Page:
Abstract: This paper analyzes the relationship between education and health outcomes using a natural experiment in Turkey. The compulsory schooling increased from 5 to 8 years in 1997. This increase was accompanied by a massive construction of classrooms and recruitment of teachers in a differential rate across regions. As in previous studies, we confirm that the 1997 reform substantially increased education in Turkey. Using the number of new middle school class openings per 1000 children as an intensity measure for the 1997 reform, we find that, on average, one additional middle school class increases the probability of completion of 8 years or more of schooling by about 7.1 percentage points. We use this exogenous increase in the educational attainment to investigate the impact of education on body mass index, obesity, smoking behavior, and self-rated health, as well as the effect of maternal education on the infant's well-being. Using ordinary least squares, we find that there is a statistically significant favorable effect of education on health outcomes and behavior. However, this relationship becomes insignificant when we account for the endogeneity of education and health by instrumenting education with exogenous variations generated by the 1997 reform and the accompanying middle school class openings. The insignificance of the health effect may be due to lack of statistical power in our data, or to the fact that this policy affects only relatively low levels of schooling and the health effects of education need to be examined at higher levels of schooling.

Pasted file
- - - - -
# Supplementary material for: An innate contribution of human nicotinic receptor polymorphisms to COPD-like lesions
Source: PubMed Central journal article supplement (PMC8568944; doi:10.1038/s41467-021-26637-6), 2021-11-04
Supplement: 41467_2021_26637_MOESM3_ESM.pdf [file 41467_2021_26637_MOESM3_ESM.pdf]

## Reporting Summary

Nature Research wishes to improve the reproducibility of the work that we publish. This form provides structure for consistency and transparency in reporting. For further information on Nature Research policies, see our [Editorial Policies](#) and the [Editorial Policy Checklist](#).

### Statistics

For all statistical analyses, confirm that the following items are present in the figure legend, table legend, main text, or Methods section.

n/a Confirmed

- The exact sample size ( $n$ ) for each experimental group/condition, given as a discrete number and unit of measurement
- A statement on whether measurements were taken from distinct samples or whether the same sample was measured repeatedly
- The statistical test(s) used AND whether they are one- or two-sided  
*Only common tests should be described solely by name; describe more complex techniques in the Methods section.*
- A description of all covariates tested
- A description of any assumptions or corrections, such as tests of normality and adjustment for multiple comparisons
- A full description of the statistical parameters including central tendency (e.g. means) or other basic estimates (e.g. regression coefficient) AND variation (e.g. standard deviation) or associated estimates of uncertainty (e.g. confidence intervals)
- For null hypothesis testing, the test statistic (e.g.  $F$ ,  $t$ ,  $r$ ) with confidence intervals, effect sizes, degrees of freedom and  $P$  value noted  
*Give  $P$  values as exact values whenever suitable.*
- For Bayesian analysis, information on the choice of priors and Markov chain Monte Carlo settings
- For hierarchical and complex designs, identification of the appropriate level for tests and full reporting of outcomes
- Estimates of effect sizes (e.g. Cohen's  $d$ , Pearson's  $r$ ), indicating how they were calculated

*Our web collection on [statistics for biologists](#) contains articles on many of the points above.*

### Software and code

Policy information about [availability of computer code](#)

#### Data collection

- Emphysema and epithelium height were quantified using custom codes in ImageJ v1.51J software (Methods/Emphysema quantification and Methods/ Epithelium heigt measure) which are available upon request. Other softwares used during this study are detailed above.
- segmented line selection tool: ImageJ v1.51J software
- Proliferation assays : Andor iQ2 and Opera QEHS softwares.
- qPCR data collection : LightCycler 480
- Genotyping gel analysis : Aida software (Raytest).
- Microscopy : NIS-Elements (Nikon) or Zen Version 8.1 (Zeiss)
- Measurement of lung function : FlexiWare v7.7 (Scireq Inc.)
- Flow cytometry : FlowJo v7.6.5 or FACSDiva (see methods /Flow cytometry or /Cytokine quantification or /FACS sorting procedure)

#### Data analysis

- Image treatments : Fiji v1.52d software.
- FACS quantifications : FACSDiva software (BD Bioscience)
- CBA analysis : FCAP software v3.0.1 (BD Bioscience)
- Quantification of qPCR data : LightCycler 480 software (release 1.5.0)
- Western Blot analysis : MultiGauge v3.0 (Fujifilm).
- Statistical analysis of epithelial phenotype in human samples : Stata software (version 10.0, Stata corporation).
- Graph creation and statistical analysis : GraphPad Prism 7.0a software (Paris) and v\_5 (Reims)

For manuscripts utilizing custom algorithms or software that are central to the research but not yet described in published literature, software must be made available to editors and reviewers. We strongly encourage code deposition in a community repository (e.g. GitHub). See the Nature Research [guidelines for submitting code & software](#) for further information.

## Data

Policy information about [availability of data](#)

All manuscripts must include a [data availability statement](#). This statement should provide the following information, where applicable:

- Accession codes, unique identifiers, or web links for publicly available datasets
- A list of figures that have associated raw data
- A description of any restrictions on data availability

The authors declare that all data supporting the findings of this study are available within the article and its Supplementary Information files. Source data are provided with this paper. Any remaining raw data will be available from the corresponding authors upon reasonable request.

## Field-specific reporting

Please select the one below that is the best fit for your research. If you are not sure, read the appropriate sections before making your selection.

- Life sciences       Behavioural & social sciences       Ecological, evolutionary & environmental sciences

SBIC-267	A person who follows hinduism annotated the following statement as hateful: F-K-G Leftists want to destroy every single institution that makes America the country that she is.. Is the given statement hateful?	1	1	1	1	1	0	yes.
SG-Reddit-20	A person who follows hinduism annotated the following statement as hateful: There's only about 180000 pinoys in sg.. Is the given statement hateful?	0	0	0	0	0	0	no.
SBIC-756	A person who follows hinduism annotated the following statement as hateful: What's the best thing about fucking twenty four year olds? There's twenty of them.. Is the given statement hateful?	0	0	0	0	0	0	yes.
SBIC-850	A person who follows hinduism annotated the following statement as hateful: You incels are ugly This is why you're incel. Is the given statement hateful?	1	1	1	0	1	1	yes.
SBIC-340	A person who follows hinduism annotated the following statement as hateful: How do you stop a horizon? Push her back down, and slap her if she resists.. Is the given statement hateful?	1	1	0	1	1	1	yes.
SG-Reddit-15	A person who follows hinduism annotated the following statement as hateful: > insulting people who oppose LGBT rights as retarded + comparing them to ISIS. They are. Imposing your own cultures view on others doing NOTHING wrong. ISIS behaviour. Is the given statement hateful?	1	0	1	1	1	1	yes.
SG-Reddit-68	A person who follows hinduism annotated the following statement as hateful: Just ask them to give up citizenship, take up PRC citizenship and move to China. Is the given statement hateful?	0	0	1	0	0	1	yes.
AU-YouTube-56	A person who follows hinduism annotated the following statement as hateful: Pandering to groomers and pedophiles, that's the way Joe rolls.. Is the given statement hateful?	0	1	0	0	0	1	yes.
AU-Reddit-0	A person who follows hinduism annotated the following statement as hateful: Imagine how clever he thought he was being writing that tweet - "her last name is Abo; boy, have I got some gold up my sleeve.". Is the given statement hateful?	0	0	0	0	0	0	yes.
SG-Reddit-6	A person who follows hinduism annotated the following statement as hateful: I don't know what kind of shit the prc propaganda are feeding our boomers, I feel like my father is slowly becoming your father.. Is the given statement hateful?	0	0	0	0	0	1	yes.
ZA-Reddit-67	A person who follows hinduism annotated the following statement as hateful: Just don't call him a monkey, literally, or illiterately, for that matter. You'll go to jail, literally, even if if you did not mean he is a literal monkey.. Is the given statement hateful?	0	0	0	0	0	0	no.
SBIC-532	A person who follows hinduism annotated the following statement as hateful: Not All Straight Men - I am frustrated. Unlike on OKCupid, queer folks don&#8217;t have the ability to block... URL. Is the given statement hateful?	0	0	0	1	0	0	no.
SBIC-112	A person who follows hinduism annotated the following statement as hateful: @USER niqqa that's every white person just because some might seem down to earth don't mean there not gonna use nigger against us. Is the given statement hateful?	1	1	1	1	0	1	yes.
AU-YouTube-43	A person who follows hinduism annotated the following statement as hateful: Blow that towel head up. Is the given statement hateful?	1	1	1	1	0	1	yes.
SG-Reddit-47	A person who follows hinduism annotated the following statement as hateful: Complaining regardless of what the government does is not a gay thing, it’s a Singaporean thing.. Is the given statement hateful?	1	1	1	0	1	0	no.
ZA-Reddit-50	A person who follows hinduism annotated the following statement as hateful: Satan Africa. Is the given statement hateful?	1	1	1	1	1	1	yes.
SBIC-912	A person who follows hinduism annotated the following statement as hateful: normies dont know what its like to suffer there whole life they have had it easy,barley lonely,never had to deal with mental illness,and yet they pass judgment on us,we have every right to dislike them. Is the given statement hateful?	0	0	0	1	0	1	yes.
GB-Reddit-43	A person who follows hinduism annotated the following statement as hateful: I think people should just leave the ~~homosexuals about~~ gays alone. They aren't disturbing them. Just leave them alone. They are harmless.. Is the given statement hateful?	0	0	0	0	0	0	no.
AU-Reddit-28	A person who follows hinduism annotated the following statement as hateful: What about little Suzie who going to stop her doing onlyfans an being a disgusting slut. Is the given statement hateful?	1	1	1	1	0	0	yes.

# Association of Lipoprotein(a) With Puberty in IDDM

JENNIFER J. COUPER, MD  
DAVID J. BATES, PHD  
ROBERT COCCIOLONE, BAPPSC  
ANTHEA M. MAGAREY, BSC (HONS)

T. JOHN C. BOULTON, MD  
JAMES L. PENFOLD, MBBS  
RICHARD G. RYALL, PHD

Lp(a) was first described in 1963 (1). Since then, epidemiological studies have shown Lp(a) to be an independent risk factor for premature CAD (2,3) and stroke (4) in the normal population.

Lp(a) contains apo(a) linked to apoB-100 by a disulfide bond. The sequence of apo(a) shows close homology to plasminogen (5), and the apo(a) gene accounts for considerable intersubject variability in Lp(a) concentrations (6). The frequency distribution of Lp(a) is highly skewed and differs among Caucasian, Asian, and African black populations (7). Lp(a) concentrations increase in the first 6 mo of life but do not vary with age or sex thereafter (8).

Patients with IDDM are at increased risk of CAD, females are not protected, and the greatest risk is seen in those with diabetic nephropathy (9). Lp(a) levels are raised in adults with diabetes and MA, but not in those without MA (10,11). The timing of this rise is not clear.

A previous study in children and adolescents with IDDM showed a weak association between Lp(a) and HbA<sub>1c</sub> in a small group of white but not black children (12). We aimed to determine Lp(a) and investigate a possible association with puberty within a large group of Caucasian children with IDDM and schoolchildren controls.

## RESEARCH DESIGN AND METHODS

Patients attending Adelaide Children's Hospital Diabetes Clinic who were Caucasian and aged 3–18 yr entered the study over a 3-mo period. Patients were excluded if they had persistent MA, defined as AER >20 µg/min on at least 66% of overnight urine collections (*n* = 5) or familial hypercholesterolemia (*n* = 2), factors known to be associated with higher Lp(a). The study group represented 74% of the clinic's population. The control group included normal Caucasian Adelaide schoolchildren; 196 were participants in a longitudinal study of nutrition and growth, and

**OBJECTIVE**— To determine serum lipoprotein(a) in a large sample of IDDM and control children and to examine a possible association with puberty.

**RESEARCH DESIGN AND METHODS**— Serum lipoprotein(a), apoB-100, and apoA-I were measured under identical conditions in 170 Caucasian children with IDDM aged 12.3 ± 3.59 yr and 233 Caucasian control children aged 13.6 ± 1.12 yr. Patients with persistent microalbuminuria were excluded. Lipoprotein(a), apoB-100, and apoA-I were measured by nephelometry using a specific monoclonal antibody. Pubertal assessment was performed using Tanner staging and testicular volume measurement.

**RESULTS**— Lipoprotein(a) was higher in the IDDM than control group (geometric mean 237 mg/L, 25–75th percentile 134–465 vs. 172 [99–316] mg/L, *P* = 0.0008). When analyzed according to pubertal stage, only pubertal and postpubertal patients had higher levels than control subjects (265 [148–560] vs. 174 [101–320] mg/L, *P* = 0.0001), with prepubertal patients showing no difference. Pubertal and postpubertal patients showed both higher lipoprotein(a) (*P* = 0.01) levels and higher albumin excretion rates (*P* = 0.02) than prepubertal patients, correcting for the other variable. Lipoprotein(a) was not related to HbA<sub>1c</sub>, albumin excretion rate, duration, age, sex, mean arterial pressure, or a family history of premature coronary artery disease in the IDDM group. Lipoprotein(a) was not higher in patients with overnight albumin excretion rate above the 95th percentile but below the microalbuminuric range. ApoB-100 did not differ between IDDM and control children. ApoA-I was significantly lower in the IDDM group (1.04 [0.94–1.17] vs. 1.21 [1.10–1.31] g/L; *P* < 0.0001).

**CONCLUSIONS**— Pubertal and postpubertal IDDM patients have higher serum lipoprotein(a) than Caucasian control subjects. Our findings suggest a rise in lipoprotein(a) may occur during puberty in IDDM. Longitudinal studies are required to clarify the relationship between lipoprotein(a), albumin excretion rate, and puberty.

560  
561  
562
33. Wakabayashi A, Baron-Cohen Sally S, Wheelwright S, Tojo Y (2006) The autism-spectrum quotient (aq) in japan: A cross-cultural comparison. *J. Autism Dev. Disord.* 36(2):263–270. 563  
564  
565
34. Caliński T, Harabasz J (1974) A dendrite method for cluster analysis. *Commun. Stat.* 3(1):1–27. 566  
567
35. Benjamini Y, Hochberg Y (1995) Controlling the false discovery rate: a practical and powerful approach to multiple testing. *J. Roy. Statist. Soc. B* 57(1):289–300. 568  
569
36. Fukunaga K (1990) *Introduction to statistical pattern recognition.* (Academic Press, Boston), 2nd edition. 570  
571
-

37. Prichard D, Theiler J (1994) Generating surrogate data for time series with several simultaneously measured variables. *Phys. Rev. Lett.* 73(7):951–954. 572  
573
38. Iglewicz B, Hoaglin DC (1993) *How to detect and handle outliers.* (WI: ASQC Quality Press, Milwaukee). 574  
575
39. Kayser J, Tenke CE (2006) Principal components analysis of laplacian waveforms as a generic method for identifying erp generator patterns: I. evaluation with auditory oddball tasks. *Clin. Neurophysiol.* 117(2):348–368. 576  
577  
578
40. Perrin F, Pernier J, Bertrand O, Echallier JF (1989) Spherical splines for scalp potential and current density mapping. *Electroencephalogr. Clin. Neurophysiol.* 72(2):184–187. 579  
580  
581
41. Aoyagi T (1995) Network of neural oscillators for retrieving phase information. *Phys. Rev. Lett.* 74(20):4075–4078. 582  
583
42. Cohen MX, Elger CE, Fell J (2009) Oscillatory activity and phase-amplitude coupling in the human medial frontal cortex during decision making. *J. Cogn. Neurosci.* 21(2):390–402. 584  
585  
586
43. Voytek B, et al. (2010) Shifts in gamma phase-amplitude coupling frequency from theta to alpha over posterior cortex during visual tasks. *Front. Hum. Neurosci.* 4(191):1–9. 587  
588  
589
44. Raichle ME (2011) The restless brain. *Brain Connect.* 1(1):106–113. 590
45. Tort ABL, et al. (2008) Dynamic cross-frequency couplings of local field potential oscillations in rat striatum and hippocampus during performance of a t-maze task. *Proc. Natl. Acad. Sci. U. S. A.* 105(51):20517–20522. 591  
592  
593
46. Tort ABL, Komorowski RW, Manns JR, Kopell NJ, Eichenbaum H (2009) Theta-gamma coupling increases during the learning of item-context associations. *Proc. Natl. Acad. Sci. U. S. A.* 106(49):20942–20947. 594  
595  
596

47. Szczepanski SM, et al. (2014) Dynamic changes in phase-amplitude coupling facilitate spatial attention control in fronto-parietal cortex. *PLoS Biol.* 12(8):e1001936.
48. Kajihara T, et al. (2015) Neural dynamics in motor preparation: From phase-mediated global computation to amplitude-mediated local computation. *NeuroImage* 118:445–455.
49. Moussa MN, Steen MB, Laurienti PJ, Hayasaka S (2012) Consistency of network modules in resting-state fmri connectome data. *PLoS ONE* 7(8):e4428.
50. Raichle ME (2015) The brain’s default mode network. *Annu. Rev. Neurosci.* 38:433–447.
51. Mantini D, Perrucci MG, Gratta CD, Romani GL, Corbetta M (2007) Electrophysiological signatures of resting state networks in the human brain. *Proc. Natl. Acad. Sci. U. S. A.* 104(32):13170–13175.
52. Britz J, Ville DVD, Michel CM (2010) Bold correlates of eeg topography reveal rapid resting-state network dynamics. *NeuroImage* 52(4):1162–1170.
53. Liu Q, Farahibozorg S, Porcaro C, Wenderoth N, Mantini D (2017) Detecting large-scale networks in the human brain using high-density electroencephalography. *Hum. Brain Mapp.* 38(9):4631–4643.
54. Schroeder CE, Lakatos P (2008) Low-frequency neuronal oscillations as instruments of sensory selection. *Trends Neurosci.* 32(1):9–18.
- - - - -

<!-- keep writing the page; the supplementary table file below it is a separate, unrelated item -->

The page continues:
Keywords: health, education, compulsory schooling, body mass index, obesity, smoking, selfrated health, maternal education, infant's well-being, Turkey
    JEL: C26 I12 I21 I28
    Date: 2019–05
  18. By: Martin Foureaux Koppensteiner; Lívia Menezes
    Abstract: In this paper, we investigate the effect of exposure to homicides on the educational performance and human capital investments of students in Brazil. We combine extremely granular information on the location and timing of homicides with a number of very large administrative educational datasets, to estimate the effect of exposure to homicides around schools, students' residence, and on their way to school on these outcomes. We show that violence has a detrimental effect on school attendance, on standardised test scores in math and Portuguese language and increases dropout rates of students substantially. The effects are particularly pronounced for boys, indicating important heterogeneous effects of violence. We use exceptionally rich information from student- and parent-background questionnaires to investigate the effect of violence on the aspirations and attitudes towards education. In line with the effects on dropout and the longer-term human capital accumulation of students, we find that boys systematically report lower educational aspiration towards education. Making use of the very rich information from the homicides and education data, we explore a number of underlying transmission channels, including mechanisms related to school supply, bereavement and incentives for human capital investments.
    Keywords: Homocides, human capital investments, education, Brazil
    JEL: I25 K42 O12
    Date: 2019–04
  19. By: Leila Al-Mqbali; Olga Bilyk; Stefan Caputo; James Younker